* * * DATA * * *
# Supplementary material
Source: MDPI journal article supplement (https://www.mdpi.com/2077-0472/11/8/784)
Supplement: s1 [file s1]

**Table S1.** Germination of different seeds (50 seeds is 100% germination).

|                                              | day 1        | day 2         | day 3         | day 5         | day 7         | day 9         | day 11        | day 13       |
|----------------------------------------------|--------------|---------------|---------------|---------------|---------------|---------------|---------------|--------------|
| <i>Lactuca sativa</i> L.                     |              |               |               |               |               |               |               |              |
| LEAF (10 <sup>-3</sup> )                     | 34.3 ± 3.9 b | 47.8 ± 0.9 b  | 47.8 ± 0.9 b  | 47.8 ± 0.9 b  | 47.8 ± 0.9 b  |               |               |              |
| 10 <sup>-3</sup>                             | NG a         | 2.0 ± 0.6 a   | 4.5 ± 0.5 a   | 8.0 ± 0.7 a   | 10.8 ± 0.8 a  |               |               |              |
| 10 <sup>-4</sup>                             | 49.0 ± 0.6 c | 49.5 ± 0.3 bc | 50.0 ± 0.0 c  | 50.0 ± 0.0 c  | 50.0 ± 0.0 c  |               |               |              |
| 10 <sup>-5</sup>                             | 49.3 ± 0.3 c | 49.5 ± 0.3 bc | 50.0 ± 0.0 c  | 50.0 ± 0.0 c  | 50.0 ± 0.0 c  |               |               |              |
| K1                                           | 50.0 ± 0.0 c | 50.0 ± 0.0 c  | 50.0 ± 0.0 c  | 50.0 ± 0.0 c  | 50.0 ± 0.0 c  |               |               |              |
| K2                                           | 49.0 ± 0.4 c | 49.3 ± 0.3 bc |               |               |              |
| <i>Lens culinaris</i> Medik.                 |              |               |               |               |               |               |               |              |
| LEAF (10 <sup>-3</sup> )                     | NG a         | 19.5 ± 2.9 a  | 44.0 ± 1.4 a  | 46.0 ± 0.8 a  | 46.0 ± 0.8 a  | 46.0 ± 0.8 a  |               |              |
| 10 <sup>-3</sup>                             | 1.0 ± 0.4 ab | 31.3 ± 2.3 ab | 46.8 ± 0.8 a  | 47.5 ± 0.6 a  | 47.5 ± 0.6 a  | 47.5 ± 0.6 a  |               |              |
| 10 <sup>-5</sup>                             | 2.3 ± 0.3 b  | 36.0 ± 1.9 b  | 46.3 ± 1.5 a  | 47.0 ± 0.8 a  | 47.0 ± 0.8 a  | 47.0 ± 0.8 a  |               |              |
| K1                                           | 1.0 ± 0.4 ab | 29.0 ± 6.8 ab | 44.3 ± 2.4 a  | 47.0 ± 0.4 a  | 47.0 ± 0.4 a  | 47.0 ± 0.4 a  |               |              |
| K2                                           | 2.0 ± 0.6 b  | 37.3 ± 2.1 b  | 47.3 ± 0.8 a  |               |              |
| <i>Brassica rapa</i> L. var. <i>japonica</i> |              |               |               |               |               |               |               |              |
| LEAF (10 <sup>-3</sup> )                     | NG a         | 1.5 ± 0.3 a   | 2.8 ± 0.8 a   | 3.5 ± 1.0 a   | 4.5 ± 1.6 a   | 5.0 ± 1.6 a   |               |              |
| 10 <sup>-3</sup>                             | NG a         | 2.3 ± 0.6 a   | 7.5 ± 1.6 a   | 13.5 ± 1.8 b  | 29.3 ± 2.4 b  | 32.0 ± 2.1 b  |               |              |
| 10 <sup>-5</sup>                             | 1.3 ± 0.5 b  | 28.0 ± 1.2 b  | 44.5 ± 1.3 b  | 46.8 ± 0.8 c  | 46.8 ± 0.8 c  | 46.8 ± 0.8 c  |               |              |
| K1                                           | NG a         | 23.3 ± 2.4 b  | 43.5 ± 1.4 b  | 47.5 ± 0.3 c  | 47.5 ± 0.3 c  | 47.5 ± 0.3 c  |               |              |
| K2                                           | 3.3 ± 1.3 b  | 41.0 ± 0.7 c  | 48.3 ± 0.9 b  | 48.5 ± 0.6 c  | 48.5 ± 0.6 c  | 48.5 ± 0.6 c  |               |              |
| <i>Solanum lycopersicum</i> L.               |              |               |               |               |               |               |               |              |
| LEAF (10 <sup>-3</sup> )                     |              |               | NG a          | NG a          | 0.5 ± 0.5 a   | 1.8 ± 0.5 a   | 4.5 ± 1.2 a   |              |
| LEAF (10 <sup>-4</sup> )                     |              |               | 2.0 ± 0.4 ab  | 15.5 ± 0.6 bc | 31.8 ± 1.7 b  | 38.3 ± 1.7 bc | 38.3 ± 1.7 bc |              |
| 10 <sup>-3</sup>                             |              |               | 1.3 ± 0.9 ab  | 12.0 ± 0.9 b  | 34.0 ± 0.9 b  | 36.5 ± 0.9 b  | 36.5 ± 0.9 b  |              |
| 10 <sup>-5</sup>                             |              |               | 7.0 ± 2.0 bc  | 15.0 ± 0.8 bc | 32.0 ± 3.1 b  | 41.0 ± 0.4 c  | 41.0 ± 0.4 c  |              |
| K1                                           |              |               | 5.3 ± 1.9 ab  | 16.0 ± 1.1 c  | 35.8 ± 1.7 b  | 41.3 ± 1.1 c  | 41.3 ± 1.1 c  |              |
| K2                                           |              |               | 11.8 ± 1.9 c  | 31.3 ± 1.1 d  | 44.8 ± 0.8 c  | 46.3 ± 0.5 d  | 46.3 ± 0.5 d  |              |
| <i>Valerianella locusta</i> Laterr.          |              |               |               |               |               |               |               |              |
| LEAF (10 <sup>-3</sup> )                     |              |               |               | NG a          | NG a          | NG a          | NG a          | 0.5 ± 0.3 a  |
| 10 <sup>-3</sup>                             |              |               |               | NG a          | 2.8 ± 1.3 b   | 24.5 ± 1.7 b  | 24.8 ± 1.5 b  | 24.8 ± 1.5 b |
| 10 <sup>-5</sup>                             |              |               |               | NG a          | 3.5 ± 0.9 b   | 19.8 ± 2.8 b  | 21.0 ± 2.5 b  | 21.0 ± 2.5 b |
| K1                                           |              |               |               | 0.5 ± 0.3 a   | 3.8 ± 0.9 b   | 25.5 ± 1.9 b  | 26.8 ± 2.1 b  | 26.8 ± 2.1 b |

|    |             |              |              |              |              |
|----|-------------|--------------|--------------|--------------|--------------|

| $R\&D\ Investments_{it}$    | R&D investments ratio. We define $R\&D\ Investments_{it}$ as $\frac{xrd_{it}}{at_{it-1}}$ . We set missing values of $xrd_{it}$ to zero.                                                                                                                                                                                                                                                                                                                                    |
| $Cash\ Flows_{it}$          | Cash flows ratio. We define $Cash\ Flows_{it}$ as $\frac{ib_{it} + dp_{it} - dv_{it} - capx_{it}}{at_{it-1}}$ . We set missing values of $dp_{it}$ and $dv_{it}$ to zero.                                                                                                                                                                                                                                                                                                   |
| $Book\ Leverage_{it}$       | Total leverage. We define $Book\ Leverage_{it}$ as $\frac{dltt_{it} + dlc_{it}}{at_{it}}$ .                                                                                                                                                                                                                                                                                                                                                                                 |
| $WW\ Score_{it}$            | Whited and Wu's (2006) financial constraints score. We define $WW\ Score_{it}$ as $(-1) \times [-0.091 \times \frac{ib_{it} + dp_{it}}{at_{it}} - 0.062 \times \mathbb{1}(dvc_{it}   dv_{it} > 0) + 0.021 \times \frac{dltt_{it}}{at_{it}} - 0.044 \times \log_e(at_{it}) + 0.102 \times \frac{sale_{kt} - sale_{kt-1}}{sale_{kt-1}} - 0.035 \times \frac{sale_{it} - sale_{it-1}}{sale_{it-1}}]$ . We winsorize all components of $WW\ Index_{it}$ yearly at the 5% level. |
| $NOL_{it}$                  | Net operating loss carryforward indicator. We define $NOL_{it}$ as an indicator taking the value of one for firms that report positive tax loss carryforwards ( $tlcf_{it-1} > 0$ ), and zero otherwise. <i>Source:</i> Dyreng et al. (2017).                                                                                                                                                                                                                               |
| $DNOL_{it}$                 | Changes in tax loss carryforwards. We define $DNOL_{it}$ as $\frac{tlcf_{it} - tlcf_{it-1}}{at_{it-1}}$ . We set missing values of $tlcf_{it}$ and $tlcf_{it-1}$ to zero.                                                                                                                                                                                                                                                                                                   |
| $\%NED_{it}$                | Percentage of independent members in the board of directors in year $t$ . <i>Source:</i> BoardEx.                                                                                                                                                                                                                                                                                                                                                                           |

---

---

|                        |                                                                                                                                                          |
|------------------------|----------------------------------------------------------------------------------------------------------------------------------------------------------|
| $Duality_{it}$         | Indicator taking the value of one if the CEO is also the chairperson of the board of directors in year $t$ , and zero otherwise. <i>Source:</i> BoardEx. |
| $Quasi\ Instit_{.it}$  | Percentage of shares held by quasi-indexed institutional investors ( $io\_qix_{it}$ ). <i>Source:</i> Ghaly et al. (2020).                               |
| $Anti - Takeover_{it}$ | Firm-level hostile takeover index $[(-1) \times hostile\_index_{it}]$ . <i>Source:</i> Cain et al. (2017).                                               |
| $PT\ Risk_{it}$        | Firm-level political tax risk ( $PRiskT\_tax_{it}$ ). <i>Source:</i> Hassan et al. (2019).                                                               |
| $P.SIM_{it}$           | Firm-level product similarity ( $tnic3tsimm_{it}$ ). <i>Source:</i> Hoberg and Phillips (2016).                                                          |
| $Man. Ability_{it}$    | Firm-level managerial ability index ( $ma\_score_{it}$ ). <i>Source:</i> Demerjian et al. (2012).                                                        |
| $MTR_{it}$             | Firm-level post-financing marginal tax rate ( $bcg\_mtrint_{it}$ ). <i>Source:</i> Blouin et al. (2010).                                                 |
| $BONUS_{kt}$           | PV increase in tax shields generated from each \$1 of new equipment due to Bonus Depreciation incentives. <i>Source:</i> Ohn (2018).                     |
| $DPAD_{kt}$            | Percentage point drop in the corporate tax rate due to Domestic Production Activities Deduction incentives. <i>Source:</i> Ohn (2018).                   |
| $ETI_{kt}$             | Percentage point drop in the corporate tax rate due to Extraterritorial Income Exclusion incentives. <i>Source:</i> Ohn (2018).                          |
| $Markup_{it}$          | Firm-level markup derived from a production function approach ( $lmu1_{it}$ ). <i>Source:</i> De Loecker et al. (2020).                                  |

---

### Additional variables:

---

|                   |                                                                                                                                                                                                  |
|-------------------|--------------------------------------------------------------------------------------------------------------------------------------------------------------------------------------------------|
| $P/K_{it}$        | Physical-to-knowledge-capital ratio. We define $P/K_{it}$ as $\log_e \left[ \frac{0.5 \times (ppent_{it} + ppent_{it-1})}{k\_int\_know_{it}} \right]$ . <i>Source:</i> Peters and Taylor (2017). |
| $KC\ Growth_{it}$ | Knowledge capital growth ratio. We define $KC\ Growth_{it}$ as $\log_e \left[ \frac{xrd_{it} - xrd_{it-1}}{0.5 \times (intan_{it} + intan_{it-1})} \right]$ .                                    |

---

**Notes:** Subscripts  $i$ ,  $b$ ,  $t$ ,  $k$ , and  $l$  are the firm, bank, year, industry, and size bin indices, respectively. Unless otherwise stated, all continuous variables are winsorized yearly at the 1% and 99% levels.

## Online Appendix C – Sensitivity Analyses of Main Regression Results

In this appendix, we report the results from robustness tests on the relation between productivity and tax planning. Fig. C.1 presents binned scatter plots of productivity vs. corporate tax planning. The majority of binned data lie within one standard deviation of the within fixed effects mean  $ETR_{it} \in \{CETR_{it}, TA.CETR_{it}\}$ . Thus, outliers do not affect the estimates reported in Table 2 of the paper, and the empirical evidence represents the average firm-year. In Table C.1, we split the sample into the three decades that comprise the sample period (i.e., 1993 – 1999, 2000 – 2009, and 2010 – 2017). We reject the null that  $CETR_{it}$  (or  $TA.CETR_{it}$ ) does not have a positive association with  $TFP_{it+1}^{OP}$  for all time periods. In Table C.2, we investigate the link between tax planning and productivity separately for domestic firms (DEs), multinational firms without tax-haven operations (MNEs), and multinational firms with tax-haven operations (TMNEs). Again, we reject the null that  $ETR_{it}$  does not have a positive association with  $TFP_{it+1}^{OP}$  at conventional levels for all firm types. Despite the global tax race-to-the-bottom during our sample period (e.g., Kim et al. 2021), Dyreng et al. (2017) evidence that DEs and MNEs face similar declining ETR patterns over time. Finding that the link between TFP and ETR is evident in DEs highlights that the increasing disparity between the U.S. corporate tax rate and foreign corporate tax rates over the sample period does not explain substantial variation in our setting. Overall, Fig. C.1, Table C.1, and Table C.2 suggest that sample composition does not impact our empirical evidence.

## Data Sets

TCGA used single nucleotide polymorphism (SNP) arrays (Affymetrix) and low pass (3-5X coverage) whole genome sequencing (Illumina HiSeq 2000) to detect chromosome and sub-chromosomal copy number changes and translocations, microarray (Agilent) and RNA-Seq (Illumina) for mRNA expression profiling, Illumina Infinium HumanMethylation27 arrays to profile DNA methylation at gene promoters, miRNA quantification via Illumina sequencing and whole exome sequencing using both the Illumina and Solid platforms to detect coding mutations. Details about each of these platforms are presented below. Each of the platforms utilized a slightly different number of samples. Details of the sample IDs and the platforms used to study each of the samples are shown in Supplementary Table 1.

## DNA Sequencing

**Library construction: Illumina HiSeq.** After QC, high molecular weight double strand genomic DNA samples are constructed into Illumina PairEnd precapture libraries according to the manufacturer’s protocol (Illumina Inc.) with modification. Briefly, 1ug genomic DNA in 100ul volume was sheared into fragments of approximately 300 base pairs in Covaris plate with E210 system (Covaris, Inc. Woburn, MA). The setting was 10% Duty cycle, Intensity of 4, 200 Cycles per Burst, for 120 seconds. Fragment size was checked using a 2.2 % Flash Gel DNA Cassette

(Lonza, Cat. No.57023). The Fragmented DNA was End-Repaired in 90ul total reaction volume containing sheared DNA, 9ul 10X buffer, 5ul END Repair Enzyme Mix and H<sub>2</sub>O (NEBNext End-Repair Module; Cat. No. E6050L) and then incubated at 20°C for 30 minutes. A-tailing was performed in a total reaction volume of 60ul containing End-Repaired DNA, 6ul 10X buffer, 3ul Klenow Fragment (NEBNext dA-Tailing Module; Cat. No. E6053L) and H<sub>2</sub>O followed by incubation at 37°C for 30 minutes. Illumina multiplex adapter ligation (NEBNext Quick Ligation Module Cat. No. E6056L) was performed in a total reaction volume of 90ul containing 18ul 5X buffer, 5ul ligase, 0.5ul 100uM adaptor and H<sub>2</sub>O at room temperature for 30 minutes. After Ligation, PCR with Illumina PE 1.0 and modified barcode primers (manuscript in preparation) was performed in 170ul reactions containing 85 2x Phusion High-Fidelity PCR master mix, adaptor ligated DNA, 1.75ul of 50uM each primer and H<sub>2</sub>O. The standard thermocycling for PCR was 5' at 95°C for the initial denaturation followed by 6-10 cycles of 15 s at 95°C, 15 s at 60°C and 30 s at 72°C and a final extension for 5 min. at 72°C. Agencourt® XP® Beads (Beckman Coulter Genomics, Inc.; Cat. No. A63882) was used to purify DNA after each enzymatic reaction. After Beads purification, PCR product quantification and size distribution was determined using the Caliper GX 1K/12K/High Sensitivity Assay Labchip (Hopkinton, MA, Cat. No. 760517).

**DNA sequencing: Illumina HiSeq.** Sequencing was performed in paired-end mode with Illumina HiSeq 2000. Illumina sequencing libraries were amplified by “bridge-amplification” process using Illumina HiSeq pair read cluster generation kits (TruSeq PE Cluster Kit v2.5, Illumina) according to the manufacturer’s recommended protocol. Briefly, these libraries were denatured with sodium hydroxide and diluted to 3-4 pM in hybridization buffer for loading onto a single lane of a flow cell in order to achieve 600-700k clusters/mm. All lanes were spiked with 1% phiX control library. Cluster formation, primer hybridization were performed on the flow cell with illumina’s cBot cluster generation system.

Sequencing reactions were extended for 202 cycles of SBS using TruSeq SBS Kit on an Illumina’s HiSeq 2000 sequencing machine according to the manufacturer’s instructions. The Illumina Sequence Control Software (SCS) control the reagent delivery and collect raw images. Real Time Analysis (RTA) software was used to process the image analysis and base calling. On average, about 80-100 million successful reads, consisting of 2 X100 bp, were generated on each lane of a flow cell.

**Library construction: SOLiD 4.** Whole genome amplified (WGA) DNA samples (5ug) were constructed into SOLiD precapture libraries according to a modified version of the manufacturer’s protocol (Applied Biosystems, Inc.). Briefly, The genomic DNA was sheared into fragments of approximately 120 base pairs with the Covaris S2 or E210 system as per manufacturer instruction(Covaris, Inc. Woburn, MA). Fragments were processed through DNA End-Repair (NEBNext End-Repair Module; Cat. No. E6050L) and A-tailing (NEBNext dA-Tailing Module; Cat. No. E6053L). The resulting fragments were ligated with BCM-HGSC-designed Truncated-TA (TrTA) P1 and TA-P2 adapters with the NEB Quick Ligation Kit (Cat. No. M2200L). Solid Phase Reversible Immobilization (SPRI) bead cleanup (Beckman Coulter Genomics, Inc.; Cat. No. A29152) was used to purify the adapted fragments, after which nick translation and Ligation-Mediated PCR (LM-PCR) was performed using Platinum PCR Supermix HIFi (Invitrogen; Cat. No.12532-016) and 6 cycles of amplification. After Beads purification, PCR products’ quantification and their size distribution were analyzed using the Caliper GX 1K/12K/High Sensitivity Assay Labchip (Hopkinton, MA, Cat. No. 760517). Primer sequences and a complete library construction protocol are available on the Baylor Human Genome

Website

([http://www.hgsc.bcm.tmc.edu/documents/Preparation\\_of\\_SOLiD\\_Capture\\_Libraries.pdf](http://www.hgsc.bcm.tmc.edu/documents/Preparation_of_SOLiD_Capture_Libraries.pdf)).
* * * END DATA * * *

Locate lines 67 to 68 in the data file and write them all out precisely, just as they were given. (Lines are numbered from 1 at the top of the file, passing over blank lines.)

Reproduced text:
| $P/K_{it}$        | Physical-to-knowledge-capital ratio. We define $P/K_{it}$ as $\log_e \left[ \frac{0.5 \times (ppent_{it} + ppent_{it-1})}{k\_int\_know_{it}} \right]$ . <i>Source:</i> Peters and Taylor (2017). |
| $KC\ Growth_{it}$ | Knowledge capital growth ratio. We define $KC\ Growth_{it}$ as $\log_e \left[ \frac{xrd_{it} - xrd_{it-1}}{0.5 \times (intan_{it} + intan_{it-1})} \right]$ .                                    |